Due to the fabulous quick-release base, you do have VESA mounting out of the box – which this display’s sibling, the EX3501R (which I’ve been using in the office), doesn’t. However, the mounting point sits within this recess, meaning that if you’re mounting onto a larger VESA mount also compatible with TVs (which is the norm for sim racing rigs), you’re going to have a bad time.
There are screws already in place for the usual 100mm monitor VESA mounting, but if you’re needing something that doesn’t sit within that recess, you’re going to have to dig out longer screws, spacers, washers etc. yourself. We did have a bunch of screws and bits available, but nothing we could find that could mount this display to the rig we have here in the Traxion studio.
It’s both a shame and rather annoying for a display that’s been marketed towards sim racing. If it had something in the box to flatten off this recess, like a VESA extension plate or something, it’d be great! But instead, we replicated the approach of dragging your rig up to your desk. Otherwise, though, it’s absolutely fantastic for racing. Three of these together would be incredible. Hint, hint, BenQ.
But, that isn’t the only gripe I have with this display right now.
Call me captain obvious, but the design of this monitor is stunning. The silver-swinging colour scheme allows it to remain pretty neutral within whatever palette your battle station has taken. Apart from the base.
The bright orange trims on its stand are garish, and unless you’re rocking a bright orange setup, it’s not going to fit. If these were grey, black, or even white, you probably wouldn’t notice they were there. But alas, you’re stuck with the bright orange. VESA mounting does mean you could replace the base or mount it onto an arm, but that doesn’t negate a few minus points.
Next up, the first thing that got me when unboxing this, was the non-integrated power supply. Having a kettle lead plug directly from the mains into the monitor makes things so much easier. Cable management is better, losing the cable doesn’t mean it’s the end of the world, and maybe this is just me, but I’ve always associated power bricks to be a trope of cheaper monitors, not one that sets you back £900.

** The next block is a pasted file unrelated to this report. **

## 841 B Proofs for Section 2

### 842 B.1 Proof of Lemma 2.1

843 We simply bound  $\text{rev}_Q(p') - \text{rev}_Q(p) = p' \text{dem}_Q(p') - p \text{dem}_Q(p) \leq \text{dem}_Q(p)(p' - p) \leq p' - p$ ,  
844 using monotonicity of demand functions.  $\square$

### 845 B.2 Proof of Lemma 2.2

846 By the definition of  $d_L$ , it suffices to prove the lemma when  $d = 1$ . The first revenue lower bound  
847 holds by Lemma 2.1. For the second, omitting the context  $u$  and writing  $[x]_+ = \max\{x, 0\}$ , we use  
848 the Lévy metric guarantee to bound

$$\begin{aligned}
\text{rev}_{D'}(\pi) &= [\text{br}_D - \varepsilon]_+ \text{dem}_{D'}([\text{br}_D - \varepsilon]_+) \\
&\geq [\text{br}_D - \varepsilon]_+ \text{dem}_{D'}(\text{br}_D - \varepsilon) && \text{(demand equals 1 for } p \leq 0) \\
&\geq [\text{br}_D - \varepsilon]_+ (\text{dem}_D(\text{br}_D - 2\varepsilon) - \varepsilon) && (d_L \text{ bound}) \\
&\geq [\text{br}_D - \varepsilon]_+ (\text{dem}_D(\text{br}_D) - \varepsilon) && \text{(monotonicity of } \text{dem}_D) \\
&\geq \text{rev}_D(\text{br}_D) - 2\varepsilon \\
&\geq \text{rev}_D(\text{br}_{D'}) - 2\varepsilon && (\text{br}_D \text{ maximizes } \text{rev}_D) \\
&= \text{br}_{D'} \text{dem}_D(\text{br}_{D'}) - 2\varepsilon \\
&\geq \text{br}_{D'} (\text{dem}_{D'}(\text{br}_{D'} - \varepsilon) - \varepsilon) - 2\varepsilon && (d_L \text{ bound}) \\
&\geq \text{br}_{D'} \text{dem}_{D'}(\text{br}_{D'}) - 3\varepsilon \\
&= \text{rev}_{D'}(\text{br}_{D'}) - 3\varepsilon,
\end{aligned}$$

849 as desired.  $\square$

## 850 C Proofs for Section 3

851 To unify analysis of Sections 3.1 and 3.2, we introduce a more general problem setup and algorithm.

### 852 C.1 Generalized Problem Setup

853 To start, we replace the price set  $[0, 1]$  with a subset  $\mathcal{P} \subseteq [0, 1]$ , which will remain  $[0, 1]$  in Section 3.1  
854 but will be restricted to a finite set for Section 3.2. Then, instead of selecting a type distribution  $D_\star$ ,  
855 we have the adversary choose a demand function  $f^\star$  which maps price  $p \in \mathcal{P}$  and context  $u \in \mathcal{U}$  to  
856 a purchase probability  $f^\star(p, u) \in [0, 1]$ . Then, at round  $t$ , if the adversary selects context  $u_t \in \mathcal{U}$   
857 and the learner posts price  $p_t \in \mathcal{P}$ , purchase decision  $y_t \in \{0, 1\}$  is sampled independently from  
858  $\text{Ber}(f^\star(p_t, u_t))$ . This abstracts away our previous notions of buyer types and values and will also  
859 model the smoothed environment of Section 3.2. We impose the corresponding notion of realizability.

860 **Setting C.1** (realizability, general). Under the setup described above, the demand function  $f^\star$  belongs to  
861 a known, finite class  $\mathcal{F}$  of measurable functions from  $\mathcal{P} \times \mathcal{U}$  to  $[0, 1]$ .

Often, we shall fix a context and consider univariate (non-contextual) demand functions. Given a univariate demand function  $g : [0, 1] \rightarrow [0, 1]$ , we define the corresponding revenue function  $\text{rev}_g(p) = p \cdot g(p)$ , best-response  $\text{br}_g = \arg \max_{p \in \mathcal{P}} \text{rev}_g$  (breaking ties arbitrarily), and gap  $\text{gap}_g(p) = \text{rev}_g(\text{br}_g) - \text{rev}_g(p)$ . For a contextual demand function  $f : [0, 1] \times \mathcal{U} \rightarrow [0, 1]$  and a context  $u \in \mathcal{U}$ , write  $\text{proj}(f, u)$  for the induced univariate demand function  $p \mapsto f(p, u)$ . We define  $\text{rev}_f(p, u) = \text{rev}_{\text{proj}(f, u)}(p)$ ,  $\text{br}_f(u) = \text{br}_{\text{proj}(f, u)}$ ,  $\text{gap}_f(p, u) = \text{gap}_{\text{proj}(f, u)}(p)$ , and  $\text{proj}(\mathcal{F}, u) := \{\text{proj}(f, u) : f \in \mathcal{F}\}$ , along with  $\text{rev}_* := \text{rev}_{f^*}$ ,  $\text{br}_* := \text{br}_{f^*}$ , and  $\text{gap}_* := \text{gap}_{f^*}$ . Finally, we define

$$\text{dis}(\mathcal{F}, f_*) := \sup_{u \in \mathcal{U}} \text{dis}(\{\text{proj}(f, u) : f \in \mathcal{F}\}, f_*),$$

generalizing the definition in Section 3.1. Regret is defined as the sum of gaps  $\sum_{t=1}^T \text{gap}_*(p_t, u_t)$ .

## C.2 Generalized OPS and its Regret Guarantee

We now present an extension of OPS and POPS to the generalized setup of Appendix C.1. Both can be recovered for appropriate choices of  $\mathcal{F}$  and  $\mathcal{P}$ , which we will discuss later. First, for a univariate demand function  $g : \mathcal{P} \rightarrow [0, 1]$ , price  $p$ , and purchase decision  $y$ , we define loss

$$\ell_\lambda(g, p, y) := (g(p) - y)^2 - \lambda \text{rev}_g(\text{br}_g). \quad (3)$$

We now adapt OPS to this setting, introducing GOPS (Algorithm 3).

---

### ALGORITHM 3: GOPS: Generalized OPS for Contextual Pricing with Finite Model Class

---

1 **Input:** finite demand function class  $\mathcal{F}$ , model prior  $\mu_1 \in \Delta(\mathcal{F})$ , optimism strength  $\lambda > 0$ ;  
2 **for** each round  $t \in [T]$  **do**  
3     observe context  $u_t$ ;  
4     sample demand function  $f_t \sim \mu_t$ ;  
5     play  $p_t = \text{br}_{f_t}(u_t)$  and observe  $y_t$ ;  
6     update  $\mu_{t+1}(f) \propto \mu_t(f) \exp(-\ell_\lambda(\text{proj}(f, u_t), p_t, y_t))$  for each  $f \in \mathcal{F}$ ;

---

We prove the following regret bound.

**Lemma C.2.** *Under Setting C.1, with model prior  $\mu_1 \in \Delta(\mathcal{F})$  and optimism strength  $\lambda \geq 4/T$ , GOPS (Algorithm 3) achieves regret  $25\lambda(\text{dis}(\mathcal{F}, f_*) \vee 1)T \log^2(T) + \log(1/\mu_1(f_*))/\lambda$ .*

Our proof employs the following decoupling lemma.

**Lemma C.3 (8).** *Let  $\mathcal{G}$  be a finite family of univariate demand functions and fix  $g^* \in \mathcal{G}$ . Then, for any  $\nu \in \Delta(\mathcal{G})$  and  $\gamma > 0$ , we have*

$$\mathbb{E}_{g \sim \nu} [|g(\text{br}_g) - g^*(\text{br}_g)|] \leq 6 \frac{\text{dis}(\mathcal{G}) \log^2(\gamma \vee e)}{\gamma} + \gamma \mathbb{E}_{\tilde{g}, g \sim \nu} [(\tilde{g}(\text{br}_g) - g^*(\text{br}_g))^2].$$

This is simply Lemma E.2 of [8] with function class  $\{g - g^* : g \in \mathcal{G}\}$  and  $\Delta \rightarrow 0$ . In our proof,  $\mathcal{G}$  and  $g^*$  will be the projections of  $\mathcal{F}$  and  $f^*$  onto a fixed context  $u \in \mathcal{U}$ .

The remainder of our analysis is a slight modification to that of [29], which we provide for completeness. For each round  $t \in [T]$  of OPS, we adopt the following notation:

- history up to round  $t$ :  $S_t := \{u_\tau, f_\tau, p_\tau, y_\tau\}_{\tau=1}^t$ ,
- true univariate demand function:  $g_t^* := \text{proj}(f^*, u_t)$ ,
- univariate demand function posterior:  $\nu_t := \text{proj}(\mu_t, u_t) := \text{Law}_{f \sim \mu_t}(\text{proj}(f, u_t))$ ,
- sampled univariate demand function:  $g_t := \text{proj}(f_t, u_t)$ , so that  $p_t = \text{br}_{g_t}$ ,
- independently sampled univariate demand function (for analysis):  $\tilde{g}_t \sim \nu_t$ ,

I am someone that appreciates a good bit of cable management, and this monitor does allow you to organise your I/O nicely. You’ve got a cable channel on the base, and there’s a vanity panel you can clip onto the back to make the monitor look incredibly clean.
However, this plastic panel is pretty finicky to get on, and you’ve just got to give it a good yank to get off. I can’t speak for everyone, but I don’t like parts of anything that need to be pulled apart rather than taken apart. It’s another minor thing, nothing deal-breaking, but I’ve seen vanity panels with much better means of being clipped into place.
Finally, that brings me to something I mentioned right at the beginning of this video. BenQ markets this monitor towards sim racers. Head to their website, and Williams Esports gets a spotlight on the product page’s feature image, and you get some racing-centric stills as you scroll down. Apart from a ‘HDR mode for racing’ and an audio profile for these speakers – which as said are good, but probably not for immersive gaming – that’s it.
High refresh rates, HDR, even ultrawide aspect ratios weren’t made specifically for racing, nor are they really marketing gimmicks you can use to promote it for sim racing. Don’t get me wrong, it is a great monitor for racing, but I was a bit stumped on how you could make a gaming monitor more suited for it than any other. Either way, it’s an almost rhetorical gripe.
That brings me quite nicely to the last thing. That price. £899 is a lot for a monitor. Ultrawide displays at a higher resolution, higher refresh rate and having extra sparkly bits like rich built-in speakers, HDR and this remote means the price point generally fluctuates a lot. While there are monitors more expensive than this at the same spec, there are also those that are cheaper.
But in terms of what this monitor can do, these negatives aren’t huge dealbreakers. If you want a well-built, good looking and brilliantly functional display, be it for your day to day or jumping onto your racing title of choice, this monitor isn’t a bad shout.